Target population

These recommendations apply to adults with small to medium-sized (< 2 cm) sporadic vestibular schwannomas who have documented serviceable hearing in the ipsilateral ear prior to microsurgical resection via the middle cranial fossa or retrosigmoid approach.

Recommendation

Level 3: Individuals who meet these criteria and are considering microsurgical resection should be counseled that there is a moderately low probability (> 25% to 50%) of hearing preservation immediately following surgery, moderately low probability (> 25% to 50%) of hearing preservation at two years, moderately low probability (> 25% to 50%) of hearing preservation at five years, and moderately low probability (> 25% to 50%) of hearing preservation at ten years.

Question

Among patients with AAO-HNS class A or GR grade I hearing at baseline, what is the overall probability of maintaining serviceable hearing following microsurgical resection of small to medium-sized sporadic vestibular schwannomas early after surgery, at two years, at five years, and at ten years following treatment?

Target population

These recommendations apply to adults with small to medium-sized (< 2 cm) sporadic vestibular schwannomas who have documented AAO-HNS class A or GR grade I hearing in the ipsilateral ear prior to microsurgical resection via the middle cranial fossa or retrosigmoid approach.

Recommendation

Level 3: Individuals who meet these criteria and are considering microsurgical resection should be counseled that there is a moderately high probability (> 50% to 75%) of hearing preservation immediately following surgery, moderately high probability (> 50% to 75%) of hearing preservation at two years, moderately high probability (> 50% to 75%) of hearing preservation at five years, and moderately low probability (> 25% to 50%) of hearing preservation at ten years.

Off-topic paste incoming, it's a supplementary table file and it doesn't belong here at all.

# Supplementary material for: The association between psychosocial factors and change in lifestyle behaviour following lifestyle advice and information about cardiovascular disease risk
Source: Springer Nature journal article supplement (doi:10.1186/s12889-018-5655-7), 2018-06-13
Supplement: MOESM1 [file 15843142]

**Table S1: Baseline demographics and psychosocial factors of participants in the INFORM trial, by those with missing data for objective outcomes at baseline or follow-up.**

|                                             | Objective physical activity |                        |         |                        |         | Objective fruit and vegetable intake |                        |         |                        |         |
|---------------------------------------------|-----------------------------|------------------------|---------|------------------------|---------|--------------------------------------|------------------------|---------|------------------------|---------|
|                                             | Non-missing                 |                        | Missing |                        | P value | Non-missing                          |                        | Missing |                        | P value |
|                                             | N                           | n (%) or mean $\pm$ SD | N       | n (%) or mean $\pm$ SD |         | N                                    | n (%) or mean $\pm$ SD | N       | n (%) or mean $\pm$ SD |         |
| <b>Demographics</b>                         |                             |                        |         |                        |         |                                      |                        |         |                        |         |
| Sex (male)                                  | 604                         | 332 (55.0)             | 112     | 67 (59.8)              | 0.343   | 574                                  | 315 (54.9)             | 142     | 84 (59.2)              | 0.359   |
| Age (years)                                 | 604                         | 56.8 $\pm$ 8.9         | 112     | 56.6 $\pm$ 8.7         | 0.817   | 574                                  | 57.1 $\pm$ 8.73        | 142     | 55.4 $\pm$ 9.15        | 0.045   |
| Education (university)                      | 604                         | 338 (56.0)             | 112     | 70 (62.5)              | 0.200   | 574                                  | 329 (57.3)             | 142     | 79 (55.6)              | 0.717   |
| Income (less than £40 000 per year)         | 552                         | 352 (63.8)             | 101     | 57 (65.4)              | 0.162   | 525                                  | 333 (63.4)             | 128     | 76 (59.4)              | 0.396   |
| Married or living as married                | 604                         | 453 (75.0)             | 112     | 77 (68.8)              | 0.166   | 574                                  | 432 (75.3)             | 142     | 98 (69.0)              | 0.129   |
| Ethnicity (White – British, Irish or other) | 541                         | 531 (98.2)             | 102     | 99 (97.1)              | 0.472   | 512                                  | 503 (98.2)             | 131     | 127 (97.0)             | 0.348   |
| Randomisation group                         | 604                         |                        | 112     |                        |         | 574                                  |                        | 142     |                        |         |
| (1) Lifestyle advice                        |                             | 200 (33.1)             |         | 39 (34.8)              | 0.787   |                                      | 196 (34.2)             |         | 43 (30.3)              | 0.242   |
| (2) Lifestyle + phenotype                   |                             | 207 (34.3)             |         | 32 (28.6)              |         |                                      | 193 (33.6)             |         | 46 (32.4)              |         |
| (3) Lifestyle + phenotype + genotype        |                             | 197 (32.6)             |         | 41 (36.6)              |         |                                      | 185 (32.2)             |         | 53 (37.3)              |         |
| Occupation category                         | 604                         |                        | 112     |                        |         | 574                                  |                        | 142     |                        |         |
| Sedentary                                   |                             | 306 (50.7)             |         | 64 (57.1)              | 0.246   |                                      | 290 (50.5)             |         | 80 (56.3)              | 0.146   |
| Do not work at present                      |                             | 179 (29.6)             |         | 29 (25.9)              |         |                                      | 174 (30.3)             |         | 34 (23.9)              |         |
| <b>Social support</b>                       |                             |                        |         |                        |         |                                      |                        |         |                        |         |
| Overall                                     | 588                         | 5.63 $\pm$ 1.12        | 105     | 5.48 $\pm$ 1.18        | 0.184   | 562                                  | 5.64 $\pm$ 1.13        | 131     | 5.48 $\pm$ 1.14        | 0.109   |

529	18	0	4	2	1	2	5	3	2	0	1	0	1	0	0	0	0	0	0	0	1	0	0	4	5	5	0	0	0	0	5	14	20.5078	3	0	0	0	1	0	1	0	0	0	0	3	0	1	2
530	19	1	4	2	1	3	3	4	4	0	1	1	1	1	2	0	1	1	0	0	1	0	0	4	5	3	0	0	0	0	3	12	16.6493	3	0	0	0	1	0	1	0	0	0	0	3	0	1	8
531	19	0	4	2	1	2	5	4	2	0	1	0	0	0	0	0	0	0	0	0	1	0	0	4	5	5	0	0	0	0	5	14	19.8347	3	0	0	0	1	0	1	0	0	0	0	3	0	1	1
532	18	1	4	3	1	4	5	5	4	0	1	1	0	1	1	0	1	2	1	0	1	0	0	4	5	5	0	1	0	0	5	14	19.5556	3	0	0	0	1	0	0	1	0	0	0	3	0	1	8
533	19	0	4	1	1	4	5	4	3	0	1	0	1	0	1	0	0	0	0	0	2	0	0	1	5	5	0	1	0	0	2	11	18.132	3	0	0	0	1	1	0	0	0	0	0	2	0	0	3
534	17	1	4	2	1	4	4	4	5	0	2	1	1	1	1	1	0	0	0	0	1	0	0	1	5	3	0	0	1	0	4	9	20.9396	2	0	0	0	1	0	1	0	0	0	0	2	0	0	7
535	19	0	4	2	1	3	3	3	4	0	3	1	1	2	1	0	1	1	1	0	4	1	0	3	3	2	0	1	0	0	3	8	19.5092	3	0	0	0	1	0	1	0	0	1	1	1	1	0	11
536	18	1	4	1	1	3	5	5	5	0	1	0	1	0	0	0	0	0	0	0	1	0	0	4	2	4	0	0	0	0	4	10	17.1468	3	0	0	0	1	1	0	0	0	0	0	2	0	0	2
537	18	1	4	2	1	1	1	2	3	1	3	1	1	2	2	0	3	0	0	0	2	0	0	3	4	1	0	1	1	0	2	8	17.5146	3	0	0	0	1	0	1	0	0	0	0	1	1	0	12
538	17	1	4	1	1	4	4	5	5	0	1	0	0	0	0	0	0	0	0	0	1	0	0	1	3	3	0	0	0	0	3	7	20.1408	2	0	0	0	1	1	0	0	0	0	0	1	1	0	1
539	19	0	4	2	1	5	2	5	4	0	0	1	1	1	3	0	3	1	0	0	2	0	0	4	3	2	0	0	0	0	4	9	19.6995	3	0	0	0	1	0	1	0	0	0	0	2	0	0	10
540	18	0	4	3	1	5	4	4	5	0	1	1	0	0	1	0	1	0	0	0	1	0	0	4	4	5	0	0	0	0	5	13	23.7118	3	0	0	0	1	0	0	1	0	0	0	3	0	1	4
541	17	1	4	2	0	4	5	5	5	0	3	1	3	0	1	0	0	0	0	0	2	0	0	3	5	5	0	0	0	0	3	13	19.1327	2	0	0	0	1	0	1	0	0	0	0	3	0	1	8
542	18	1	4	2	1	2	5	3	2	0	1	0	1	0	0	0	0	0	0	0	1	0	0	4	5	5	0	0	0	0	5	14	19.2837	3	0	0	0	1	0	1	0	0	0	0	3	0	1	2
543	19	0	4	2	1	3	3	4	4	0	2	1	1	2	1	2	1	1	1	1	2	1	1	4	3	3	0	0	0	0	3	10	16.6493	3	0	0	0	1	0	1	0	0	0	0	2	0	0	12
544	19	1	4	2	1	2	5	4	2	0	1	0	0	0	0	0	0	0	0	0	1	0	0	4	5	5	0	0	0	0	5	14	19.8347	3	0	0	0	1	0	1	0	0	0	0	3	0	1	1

Question

What patient- and tumor-related factors influence progression to non-serviceable hearing following microsurgical resection of small to medium-sized sporadic vestibular schwannomas?

Target population

These recommendations apply to adults with small to medium-sized (< 2 cm) sporadic vestibular schwannomas who have documented serviceable hearing in the ipsilateral ear prior to microsurgical resection via the middle cranial fossa or retrosigmoid approach.

Recommendation

Level 3: Individuals who meet these criteria and are considering microsurgical resection should be counseled regarding the probability of successful hearing preservation based on the following prognostic data: the most consistent prognostic features associated with maintenance of serviceable hearing are good preoperative word recognition and/or pure tone thresholds with variable cut-points reported, smaller tumor size, commonly < 1 cm, and presence of a distal internal auditory canal cerebrospinal fluid fundal cap. Age and sex are not strong predictors of hearing preservation outcome.

Observation

Question

What is the overall probability of maintaining serviceable hearing with conservative observation of vestibular schwannomas at two years, five years, and ten years following diagnosis?

Target population

These recommendations apply to adults with small to medium-sized sporadic vestibular schwannomas who have documented serviceable hearing in the ipsilateral ear at time of diagnosis.

Recommendation

Level 3: Individuals who meet these criteria and are considering observation should be counseled that there is a high probability (> 75% to 100%) of hearing preservation at two years, moderately high probability (> 50% to 75%) of hearing preservation at five years, and moderately low probability (> 25% to 50%) of hearing preservation at ten years.

Question

Among patients with AAO-HNS class A or GR grade I hearing at baseline, what is the overall probability of maintaining serviceable hearing with conservative observation at two years, and five years following diagnosis?

Target population

These recommendations apply to adults with small to medium-sized (< 2 cm) sporadic vestibular schwannomas who have documented class A or GR grade I hearing in the ipsilateral ear at time of diagnosis.

Recommendation

Level 3: Individuals who meet these criteria and are considering stereotactic radiosurgery should be counseled that there is a high probability (> 75% to 100%) of hearing preservation at two years, and moderately high probability (> 50% to 75%) of hearing preservation at five years. Insufficient data were available to determine the probability of hearing preservation at ten years for this population subset.

Question

What patient- and tumor-related factors influence progression to non-serviceable hearing during conservative observation?

Target population